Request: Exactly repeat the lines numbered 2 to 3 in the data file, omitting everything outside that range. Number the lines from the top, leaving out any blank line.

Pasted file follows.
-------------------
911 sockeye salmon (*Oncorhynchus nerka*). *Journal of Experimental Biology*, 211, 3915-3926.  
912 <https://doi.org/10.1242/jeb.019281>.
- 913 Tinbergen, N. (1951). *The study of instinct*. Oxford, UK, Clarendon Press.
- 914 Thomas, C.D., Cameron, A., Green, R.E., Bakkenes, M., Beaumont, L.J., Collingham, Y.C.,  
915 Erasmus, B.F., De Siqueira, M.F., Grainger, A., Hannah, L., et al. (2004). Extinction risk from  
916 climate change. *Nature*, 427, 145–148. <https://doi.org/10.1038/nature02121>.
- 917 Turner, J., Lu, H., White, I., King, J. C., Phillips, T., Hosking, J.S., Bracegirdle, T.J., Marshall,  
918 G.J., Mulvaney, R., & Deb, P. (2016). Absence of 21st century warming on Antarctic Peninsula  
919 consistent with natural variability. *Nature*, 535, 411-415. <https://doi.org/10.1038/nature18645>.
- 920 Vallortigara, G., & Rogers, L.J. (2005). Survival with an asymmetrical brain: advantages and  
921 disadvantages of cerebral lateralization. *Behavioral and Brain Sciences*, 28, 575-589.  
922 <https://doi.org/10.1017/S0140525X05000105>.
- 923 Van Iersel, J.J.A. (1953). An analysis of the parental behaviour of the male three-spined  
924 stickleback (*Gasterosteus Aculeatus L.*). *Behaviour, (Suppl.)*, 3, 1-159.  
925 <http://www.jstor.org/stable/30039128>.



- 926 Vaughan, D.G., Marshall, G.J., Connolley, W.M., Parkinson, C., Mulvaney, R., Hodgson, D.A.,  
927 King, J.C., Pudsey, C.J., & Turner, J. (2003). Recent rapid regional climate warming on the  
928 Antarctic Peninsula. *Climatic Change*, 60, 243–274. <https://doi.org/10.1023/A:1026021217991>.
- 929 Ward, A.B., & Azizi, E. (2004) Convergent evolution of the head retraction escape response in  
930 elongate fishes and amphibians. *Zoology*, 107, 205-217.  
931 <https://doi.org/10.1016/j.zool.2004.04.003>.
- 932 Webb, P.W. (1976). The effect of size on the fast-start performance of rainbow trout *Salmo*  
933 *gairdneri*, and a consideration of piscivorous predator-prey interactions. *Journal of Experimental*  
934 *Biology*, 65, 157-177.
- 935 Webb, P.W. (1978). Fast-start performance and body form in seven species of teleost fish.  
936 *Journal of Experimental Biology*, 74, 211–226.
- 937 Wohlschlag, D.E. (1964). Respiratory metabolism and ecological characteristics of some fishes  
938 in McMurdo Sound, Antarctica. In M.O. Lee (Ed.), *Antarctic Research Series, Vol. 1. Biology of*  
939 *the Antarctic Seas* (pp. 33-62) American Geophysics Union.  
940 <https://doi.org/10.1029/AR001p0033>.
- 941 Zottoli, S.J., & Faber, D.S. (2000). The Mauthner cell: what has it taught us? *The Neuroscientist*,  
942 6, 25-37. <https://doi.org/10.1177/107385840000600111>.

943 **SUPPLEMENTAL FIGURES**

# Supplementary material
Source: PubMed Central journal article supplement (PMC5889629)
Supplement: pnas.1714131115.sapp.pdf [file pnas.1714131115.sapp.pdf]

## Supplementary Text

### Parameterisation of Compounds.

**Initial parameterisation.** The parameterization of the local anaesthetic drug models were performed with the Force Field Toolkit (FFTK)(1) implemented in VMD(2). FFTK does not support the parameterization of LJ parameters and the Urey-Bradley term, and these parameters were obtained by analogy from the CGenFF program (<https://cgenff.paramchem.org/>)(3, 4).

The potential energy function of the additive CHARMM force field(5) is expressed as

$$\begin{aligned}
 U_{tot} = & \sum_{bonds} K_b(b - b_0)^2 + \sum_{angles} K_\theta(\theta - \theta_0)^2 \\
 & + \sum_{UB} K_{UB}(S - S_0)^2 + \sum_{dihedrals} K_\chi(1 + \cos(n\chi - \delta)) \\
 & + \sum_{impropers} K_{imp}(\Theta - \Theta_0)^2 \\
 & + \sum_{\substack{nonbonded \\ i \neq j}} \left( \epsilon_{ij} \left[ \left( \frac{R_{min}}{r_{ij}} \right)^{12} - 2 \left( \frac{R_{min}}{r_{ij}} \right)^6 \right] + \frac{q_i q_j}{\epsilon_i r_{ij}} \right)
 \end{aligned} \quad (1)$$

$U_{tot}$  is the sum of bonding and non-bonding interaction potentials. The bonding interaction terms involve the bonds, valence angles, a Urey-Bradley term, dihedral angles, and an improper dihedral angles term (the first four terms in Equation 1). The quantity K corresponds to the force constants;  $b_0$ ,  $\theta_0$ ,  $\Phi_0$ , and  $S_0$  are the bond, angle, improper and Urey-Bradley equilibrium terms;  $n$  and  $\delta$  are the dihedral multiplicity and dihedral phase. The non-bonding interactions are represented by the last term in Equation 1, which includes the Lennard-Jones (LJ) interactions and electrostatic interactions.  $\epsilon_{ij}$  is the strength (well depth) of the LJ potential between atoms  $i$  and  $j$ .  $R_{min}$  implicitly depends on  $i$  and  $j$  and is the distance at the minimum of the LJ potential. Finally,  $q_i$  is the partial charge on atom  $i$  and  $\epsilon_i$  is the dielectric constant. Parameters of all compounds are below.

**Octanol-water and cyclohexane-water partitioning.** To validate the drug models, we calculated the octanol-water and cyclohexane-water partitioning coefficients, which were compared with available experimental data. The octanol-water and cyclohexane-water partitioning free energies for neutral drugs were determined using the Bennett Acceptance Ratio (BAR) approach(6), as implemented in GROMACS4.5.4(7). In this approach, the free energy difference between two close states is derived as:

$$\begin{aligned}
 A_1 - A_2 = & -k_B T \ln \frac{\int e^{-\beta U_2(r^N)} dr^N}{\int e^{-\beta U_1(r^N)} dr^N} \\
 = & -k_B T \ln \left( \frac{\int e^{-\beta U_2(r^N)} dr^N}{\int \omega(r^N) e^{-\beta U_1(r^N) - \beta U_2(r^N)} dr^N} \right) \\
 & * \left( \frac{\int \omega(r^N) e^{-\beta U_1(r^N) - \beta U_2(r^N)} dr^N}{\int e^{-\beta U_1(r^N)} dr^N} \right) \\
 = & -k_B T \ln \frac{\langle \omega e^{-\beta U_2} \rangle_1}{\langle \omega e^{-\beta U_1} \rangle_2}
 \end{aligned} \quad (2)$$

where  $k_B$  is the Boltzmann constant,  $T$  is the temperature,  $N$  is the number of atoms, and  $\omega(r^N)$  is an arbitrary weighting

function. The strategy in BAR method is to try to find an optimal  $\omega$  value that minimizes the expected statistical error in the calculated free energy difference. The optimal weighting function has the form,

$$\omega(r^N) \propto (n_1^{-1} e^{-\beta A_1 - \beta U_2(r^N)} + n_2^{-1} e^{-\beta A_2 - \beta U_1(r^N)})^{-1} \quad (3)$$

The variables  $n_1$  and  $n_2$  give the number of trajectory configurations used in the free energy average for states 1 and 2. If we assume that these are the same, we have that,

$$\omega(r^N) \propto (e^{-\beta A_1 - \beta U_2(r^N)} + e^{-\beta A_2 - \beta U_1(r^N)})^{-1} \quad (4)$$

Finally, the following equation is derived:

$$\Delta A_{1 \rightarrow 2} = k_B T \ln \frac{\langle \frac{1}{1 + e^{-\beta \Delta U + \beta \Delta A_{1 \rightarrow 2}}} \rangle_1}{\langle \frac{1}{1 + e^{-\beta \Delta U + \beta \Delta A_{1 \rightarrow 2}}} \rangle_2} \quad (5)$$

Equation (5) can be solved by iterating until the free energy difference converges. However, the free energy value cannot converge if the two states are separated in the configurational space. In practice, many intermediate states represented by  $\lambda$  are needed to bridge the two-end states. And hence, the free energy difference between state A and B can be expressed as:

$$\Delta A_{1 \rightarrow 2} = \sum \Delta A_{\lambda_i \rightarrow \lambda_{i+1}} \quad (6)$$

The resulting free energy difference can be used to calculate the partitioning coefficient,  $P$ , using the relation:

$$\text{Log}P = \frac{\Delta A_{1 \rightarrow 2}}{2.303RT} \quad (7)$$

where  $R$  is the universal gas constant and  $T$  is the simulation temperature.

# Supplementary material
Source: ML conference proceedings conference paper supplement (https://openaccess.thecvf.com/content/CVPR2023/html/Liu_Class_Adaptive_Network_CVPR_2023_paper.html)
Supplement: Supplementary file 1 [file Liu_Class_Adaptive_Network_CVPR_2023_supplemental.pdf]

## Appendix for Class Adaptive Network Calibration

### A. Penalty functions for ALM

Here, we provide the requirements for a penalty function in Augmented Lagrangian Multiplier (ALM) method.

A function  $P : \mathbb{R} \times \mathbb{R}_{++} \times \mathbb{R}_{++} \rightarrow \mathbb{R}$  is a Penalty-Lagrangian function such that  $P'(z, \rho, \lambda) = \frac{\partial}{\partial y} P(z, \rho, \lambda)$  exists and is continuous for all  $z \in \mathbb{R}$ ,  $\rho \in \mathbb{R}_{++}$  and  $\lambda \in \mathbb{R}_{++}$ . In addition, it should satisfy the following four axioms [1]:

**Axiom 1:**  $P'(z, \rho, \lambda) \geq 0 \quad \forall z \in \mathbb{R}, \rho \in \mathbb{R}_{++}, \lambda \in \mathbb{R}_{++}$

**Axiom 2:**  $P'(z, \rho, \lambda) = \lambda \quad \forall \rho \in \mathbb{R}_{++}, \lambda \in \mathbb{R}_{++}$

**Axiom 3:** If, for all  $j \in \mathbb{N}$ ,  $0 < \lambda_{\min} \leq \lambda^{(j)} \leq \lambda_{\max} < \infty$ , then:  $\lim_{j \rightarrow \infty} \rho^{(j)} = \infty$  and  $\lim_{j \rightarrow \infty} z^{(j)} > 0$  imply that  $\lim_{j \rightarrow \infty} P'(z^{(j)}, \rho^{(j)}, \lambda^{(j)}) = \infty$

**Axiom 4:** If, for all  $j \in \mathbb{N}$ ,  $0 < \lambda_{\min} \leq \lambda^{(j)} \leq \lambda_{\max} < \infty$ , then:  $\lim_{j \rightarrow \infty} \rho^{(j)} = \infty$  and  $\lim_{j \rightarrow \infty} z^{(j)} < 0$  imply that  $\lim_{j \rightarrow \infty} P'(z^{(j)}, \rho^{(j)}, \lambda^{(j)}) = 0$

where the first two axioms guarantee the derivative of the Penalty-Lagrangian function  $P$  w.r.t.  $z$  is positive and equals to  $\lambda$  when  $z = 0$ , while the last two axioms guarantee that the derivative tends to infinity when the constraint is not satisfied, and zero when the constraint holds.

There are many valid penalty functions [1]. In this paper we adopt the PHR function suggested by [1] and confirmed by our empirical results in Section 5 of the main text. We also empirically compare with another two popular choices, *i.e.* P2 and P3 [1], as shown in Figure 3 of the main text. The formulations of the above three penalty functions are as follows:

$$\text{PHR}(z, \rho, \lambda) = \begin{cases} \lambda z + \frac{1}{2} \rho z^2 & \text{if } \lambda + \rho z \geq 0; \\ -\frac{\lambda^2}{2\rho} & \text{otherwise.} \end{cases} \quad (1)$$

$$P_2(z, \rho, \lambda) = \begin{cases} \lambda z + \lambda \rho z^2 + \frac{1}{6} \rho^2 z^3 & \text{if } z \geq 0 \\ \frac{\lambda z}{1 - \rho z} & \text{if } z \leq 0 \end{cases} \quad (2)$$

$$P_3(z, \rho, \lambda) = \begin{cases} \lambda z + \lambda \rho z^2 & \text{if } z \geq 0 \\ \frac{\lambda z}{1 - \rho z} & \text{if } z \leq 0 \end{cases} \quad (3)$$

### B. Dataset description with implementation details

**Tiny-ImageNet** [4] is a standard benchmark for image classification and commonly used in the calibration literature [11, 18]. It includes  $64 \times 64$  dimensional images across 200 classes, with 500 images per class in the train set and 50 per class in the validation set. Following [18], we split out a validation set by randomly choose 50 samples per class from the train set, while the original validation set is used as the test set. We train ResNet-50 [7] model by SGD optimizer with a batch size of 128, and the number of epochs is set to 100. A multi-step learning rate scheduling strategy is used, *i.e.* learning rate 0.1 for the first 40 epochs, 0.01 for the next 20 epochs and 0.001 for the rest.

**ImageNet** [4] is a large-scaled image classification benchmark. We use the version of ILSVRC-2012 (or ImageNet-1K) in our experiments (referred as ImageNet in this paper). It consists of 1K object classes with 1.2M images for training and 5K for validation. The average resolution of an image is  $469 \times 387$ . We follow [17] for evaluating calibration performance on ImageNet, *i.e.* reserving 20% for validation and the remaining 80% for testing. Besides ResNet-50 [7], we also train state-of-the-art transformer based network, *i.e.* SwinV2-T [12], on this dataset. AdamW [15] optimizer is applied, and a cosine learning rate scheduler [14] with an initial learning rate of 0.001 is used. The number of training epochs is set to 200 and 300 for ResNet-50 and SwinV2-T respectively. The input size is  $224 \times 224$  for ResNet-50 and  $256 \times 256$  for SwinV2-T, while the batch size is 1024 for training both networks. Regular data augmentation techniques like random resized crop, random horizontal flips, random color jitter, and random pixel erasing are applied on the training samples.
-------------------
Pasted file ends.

912 <https://doi.org/10.1242/jeb.019281>.
- 913 Tinbergen, N. (1951). *The study of instinct*. Oxford, UK, Clarendon Press.